As Detroit prepares for its bankruptcy hearing Wednesday, major metropolises all over the country are asking the same thing: How do we make sure we’re not the next Detroit?
The answer, it seems, is two-fold: Don’t be afraid to make tough decisions, and when you do make them, take into account which ones will hurt the fewest people in the least painful way.
The beginning of Detroit’s trouble was not its fault — when the auto industry began closing down plants, it was inevitable the city’s tax coffers would shrink. But once a government entity gets hit with a crisis like that, how well it fares depends on the ability of its leaders to head off the problem early with unpopular cuts before truly painful sacrifices become necessary.
Unfortunately, decision-phobia seems to be running rampant through our country’s political class today, but not making a choice is a choice in itself. Years of cowardly politicians who knew that they could fob off Detroit’s demise on future elected officials helped guarantee that the city would eventually hit rock bottom.
As Detroit columnist Doron Levin wrote, the city “stumbled over a period of decades into irreversible insolvency because its elected officials dithered and dissembled and argued, instead of undertaking tough measures to close fiscal gaps. In truth, the city’s financial liabilities were created by the very people who should have been resolving them: One administration after another promised wages, job guarantees and pensions to city workers that were simply unsustainable.”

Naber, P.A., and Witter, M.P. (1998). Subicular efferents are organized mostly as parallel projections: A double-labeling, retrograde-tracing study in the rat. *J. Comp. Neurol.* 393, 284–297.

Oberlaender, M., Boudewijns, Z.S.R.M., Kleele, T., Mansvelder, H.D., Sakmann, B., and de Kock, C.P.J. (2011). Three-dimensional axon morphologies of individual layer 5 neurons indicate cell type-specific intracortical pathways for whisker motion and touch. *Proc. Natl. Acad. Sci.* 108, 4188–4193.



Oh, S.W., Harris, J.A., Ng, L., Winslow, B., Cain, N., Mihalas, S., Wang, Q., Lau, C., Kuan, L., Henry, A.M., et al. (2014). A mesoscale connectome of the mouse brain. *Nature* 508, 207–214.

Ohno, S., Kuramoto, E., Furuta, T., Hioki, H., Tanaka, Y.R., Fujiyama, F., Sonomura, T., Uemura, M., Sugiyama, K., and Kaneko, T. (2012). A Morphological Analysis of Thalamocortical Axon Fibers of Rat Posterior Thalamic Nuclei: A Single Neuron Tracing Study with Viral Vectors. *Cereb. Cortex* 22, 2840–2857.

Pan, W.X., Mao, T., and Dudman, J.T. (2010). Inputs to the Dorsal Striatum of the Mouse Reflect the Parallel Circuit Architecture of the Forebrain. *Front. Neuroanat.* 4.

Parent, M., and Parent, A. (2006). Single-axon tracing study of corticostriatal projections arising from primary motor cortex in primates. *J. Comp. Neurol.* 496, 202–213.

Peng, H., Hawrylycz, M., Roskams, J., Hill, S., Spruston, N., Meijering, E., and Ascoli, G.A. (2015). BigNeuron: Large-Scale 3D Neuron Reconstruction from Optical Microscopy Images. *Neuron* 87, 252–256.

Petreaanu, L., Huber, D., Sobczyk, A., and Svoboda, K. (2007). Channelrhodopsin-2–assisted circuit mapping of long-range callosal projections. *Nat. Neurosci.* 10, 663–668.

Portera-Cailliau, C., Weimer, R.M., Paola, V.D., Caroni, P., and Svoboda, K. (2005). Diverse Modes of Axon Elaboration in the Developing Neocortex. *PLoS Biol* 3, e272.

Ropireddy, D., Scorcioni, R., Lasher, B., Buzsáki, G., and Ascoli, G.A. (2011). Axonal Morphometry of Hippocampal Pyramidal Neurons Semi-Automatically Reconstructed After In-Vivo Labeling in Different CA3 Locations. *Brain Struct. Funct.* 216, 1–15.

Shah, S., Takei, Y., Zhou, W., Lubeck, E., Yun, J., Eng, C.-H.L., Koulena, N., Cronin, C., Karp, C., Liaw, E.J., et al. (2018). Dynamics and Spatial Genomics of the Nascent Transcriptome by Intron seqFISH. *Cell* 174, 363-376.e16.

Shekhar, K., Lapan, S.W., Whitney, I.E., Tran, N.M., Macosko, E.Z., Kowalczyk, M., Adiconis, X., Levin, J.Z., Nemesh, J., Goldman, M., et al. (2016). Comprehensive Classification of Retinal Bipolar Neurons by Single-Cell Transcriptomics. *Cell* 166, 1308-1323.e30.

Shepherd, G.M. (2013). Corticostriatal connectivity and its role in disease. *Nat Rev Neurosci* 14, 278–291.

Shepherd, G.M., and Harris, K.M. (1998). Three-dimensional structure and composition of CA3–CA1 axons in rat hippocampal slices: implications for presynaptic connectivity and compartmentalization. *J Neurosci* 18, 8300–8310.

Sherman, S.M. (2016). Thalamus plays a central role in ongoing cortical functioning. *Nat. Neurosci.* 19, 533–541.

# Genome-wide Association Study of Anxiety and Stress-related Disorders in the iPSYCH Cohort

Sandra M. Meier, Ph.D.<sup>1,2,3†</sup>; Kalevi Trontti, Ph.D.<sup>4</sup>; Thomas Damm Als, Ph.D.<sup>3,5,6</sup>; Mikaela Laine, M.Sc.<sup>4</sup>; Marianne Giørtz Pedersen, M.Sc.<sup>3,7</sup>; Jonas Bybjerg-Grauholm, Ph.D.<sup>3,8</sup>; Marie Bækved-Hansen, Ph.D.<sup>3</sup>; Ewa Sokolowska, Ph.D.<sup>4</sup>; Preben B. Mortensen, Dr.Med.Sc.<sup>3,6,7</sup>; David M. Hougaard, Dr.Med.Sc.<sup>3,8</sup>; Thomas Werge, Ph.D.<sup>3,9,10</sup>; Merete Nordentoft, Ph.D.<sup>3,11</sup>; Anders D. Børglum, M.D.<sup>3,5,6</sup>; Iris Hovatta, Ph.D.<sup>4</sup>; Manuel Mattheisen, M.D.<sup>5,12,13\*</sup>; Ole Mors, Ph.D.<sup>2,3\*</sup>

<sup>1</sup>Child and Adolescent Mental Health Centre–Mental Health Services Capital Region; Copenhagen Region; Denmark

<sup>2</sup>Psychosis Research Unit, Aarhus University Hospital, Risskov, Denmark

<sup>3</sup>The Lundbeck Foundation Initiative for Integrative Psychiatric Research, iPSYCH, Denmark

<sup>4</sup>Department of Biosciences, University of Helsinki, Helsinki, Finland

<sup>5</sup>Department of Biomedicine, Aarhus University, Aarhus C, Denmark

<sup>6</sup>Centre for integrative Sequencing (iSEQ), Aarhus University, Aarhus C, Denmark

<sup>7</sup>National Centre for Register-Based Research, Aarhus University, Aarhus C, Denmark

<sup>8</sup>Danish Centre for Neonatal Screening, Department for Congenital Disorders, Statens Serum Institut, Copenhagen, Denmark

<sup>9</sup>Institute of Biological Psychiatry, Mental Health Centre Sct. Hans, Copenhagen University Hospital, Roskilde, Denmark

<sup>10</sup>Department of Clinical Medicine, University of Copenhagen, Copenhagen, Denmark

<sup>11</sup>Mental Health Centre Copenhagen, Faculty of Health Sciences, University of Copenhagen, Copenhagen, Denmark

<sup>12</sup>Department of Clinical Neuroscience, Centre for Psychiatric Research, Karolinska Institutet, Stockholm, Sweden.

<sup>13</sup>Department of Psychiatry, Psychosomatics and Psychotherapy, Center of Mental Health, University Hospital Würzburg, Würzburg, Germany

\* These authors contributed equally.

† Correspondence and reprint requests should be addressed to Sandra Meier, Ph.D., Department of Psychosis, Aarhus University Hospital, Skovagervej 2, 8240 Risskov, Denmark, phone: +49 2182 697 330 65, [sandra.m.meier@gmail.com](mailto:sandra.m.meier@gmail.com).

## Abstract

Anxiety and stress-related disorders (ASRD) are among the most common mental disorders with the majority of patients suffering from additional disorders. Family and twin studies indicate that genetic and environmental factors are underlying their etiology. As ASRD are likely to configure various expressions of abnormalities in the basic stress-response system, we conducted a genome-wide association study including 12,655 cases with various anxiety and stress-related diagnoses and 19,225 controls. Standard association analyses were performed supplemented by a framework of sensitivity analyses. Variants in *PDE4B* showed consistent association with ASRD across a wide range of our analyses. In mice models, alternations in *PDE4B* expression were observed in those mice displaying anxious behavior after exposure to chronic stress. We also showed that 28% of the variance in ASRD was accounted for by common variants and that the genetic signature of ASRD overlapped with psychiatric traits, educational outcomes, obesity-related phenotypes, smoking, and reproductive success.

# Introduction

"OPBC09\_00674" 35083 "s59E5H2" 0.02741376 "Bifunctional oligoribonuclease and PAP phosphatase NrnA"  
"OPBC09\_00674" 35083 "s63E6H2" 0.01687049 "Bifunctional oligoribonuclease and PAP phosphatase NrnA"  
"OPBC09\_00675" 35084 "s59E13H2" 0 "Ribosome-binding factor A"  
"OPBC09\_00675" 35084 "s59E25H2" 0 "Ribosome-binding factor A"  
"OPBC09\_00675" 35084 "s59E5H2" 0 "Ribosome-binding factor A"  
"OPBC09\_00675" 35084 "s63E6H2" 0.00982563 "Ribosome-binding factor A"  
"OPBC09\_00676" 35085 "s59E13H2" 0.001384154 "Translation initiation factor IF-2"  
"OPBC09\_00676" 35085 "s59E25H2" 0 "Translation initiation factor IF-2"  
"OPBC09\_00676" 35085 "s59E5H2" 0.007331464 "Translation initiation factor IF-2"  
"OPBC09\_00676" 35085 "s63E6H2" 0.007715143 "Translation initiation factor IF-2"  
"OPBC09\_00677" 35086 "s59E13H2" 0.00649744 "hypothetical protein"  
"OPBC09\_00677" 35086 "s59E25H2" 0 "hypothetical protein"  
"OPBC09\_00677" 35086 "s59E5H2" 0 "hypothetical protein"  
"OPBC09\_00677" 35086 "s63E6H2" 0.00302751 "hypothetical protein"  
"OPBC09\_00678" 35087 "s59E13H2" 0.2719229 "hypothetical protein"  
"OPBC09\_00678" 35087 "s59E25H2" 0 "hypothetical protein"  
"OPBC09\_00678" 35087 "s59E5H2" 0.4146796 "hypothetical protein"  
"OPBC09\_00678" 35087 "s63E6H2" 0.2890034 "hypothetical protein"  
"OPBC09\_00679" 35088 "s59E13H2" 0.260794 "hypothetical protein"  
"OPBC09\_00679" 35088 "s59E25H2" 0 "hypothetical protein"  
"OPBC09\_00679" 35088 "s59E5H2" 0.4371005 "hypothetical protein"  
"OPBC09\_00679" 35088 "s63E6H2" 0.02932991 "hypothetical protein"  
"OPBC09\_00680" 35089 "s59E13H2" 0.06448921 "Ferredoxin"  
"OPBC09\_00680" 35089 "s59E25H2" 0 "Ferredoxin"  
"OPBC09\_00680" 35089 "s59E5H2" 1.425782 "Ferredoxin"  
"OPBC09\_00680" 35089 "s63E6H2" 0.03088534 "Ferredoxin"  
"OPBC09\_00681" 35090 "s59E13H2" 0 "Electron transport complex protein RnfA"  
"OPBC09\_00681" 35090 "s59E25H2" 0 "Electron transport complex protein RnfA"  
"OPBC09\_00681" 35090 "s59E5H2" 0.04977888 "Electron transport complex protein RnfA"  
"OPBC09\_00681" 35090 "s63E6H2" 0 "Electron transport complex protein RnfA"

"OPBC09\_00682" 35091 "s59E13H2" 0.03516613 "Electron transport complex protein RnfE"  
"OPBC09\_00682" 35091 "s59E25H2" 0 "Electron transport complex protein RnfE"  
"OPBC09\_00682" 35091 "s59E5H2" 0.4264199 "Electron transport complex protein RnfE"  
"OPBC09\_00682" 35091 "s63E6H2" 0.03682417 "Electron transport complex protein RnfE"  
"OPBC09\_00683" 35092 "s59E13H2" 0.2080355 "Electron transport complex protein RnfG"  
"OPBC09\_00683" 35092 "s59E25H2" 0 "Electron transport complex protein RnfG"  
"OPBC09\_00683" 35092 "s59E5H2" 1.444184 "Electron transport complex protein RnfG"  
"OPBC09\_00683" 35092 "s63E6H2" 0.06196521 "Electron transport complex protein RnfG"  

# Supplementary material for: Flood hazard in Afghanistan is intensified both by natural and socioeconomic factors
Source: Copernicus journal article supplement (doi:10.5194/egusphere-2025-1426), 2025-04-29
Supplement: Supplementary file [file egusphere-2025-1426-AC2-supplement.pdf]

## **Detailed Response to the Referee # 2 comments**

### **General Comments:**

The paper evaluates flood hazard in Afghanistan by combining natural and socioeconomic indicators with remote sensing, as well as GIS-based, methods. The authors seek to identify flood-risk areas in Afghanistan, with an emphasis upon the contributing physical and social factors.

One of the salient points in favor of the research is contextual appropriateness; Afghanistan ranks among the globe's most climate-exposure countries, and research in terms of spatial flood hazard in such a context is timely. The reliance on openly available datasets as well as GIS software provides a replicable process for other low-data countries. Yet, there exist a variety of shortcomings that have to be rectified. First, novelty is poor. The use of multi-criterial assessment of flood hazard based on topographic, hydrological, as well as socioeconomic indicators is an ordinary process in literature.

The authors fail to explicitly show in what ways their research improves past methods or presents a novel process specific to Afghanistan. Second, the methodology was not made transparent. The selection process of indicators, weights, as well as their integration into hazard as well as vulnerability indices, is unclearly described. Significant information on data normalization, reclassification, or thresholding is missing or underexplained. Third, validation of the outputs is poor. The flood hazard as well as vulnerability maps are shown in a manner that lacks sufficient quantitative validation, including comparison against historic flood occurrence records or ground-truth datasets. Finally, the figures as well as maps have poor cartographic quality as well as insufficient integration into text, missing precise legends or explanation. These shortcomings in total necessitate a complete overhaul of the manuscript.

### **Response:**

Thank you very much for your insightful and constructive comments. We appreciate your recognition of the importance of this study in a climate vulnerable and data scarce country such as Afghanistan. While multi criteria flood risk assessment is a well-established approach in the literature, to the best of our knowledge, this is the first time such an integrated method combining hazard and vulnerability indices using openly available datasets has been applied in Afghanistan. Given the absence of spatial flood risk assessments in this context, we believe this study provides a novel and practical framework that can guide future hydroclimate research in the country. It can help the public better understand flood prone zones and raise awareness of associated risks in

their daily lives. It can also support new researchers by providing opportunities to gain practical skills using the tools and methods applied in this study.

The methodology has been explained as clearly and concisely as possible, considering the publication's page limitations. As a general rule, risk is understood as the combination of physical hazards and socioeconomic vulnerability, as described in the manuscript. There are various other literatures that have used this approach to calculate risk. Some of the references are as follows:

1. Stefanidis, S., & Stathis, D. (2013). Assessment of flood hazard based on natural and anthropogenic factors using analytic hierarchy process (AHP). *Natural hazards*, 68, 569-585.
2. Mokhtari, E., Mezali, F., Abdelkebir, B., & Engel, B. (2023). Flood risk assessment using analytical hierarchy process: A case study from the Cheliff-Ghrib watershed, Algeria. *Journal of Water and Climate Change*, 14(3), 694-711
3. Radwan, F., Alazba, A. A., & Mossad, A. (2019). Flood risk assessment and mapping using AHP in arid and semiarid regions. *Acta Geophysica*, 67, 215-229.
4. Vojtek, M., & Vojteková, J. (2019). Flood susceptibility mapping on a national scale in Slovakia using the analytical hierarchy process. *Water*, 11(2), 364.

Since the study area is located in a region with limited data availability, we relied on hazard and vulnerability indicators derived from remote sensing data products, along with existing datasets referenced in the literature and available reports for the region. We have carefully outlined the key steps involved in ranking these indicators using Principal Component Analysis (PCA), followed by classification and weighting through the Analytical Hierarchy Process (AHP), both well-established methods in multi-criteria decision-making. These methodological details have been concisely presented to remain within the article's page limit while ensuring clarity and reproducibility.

Public unions compounded the problem by refusing to make concessions. The city is by far Detroit’s largest employer, but its workers didn’t believe they needed to share the pain. If their health insurance, pensions and other unfunded labor costs were bankrupting the city, well, that wasn’t their problem.
Unfortunately those workers now stand to lose a lot more than they might have had they been more willing to bargain when the city got an emergency manager willing to make hard choices.
Of course, being willing to make tough decisions is only half the battle. The other half is knowing which sacrifices are the smartest, and Detroit hasn’t been very good at that either.
The city has slashed its police department so much that the average emergency response time is 58 minutes compared to the national average of 11. Forty percent of the city’s streetlights no longer work. Waits for the bus are extremely long and other city services are also inferior.
Yet the city ignored the consultants who recommended the city stop paying its council members a full-time wage and cut some of their support staff — four to eight people assisting each councilor, as compared with zero to three in similar cities.
When the state of Michigan offered to lease and manage the city’s Belle Isle Park for 10 years, saving the city $6.2 million per year and allowing needed improvements to be made, the city council rejected the offer out of hand because it would “break the spirit of the city” to turn Belle Isle into a state park. The council also refused to sell any of the paintings it owns at the Detroit Institute of Art, even though value of the top 38 of the 60,000 works is estimated at $2.5 billion.
Art is important. Parks are important. But people are more important. Most Detroit citizens would likely be willing to sacrifice a Picasso or two if it meant smaller cuts to their pensions and more safety. Amenities like a good art museum make the city more attractive to new residents, but not if residents are paying an arm and a leg to the city and getting terrible service in return.
Many other elected officials, from Congress down to small city councils, have been making similarly poor choices for years now. If they don’t heed this canary in the coal mine, this won’t be the last meltdown to make headlines.